“Today my thoughts turn in the first place to the many who have been directly affected by the coronavirus: the sick, those who have died and family members who mourn the loss of their loved ones, to whom, in some cases, they were unable even to bid a final farewell. May the Lord of life welcome the departed into his kingdom and grant comfort and hope to those still suffering, especially the elderly and those who are alone,” he said.
The pope prayed for the vulnerable in nursing homes and prisons, for the lonely, and for those suffering from economic difficulties.
Pope Francis acknowledged that many Catholics are left without the consolation of the sacraments this year. He said it is important to remember that Christ has not left us alone, but reassures us, saying: “I have risen and I am with you still.”
“May Christ, who has already defeated death and opened for us the way to eternal salvation, dispel the darkness of our suffering humanity and lead us into the light of his glorious day, a day that knows no end,” the pope prayed.
Before the blessing, Pope Francis offered the Solemn Mass of Easter at the Altar of the Chair in St. Peter’s Basilica without the presence of the public due to the coronavirus. He did not give a homily this year. Instead, he paused for a moment of silent reflection following the Gospel, which was proclaimed in Greek.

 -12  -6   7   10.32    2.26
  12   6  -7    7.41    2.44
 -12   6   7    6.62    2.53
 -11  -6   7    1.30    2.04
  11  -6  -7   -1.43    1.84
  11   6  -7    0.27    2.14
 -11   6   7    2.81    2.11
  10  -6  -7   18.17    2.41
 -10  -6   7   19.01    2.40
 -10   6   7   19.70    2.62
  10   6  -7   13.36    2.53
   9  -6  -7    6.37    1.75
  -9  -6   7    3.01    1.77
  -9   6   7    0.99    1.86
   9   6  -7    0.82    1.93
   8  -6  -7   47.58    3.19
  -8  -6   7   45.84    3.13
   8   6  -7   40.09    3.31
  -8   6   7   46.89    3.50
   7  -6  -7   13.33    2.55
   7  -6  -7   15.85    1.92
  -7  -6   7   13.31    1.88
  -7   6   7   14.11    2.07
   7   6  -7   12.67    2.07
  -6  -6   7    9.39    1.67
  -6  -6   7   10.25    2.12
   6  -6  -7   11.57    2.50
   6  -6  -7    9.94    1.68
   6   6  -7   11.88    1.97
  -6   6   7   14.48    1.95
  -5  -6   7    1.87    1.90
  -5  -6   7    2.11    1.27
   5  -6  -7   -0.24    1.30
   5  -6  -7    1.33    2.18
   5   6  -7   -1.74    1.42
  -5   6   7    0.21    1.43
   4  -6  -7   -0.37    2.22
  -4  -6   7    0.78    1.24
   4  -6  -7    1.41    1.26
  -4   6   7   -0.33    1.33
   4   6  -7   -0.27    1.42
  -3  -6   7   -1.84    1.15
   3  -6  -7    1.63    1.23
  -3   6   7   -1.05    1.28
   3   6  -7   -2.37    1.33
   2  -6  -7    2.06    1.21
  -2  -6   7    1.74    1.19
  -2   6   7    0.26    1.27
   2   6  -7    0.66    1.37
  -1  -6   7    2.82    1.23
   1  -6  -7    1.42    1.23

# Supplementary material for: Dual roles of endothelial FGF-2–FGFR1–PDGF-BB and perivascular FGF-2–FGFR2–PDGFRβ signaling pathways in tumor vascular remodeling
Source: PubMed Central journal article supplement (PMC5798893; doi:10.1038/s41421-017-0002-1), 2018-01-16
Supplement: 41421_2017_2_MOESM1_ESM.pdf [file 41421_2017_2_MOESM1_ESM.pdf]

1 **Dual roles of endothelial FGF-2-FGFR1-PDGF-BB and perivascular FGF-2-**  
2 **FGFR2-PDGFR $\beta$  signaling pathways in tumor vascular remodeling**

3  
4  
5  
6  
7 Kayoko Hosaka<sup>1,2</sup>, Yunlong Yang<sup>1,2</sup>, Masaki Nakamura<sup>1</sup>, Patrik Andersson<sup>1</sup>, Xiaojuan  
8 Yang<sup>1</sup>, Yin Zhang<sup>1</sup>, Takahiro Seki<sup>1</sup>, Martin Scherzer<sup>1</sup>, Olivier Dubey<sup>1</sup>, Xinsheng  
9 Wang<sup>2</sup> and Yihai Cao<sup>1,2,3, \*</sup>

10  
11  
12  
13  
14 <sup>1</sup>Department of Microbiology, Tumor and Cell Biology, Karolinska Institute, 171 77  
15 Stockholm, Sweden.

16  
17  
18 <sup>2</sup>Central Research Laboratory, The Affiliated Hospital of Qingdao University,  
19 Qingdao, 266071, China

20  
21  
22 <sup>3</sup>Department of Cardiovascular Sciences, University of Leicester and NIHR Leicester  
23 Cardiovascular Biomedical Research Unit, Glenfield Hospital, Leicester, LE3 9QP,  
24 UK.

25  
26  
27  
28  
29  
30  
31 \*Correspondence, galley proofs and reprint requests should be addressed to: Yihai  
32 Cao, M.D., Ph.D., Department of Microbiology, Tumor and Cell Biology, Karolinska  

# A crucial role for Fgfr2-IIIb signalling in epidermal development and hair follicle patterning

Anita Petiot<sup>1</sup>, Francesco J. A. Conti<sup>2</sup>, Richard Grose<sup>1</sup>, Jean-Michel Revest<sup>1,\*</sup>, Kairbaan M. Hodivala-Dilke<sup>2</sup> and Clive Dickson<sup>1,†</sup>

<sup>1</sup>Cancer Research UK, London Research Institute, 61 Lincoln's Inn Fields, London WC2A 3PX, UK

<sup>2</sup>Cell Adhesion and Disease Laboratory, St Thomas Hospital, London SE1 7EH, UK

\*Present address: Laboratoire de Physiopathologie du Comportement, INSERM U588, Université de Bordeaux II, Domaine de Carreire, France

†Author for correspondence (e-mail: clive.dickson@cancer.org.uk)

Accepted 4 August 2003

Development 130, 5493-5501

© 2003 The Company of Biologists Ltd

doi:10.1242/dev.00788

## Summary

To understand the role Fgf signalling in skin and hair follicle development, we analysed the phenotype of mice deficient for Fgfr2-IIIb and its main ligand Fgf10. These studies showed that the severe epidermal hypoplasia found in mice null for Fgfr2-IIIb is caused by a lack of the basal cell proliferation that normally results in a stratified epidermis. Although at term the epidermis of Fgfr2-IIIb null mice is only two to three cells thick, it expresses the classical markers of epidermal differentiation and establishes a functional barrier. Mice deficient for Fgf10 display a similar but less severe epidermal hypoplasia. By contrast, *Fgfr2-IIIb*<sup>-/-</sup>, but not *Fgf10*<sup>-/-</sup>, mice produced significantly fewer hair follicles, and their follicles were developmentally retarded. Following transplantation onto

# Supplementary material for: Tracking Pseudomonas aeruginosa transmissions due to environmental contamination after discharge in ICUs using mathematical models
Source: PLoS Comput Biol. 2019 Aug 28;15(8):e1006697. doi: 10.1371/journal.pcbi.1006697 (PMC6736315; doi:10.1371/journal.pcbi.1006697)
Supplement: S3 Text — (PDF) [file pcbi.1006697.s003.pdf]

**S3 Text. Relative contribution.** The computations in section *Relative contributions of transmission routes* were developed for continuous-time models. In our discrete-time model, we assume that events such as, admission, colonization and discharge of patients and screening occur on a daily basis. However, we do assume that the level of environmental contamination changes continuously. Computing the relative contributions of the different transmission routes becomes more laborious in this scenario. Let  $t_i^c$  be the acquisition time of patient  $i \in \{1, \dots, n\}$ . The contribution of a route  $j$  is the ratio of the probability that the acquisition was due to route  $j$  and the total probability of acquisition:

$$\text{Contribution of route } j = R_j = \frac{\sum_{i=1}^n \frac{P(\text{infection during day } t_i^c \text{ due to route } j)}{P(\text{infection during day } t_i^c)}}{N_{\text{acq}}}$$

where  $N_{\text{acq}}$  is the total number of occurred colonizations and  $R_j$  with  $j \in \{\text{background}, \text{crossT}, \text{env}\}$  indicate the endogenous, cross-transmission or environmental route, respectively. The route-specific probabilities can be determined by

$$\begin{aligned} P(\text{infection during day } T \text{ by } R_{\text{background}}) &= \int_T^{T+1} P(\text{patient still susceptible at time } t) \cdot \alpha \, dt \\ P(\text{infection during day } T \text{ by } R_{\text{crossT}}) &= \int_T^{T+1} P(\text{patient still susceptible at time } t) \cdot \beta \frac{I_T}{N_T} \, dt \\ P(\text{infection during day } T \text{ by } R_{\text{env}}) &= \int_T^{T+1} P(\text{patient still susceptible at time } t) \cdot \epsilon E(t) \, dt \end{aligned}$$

“In these weeks, the lives of millions of people have suddenly changed,” he said. “This is not a time for indifference, because the whole world is suffering and needs to be united in facing the pandemic. May the risen Jesus grant hope to all the poor, to those living on the peripheries, to refugees and the homeless.”
Pope Francis called on political leaders to work for the common good and to provide the means for everyone to lead a dignified life.
He appealed to countries engaged in conflicts to support the call for a global ceasefire and to relax international sanctions.
“This is not a time for continuing to manufacture and deal in arms, spending vast amounts of money that ought to be used to care for others and save lives. Rather, may this be a time for finally ending the long war that has caused such great bloodshed in Syria, the conflict in Yemen and the hostilities in Iraq and in Lebanon,” the pope said.
The reduction, if not the forgiveness, of debts can also help poor countries to support their citizens in need, he pointed out.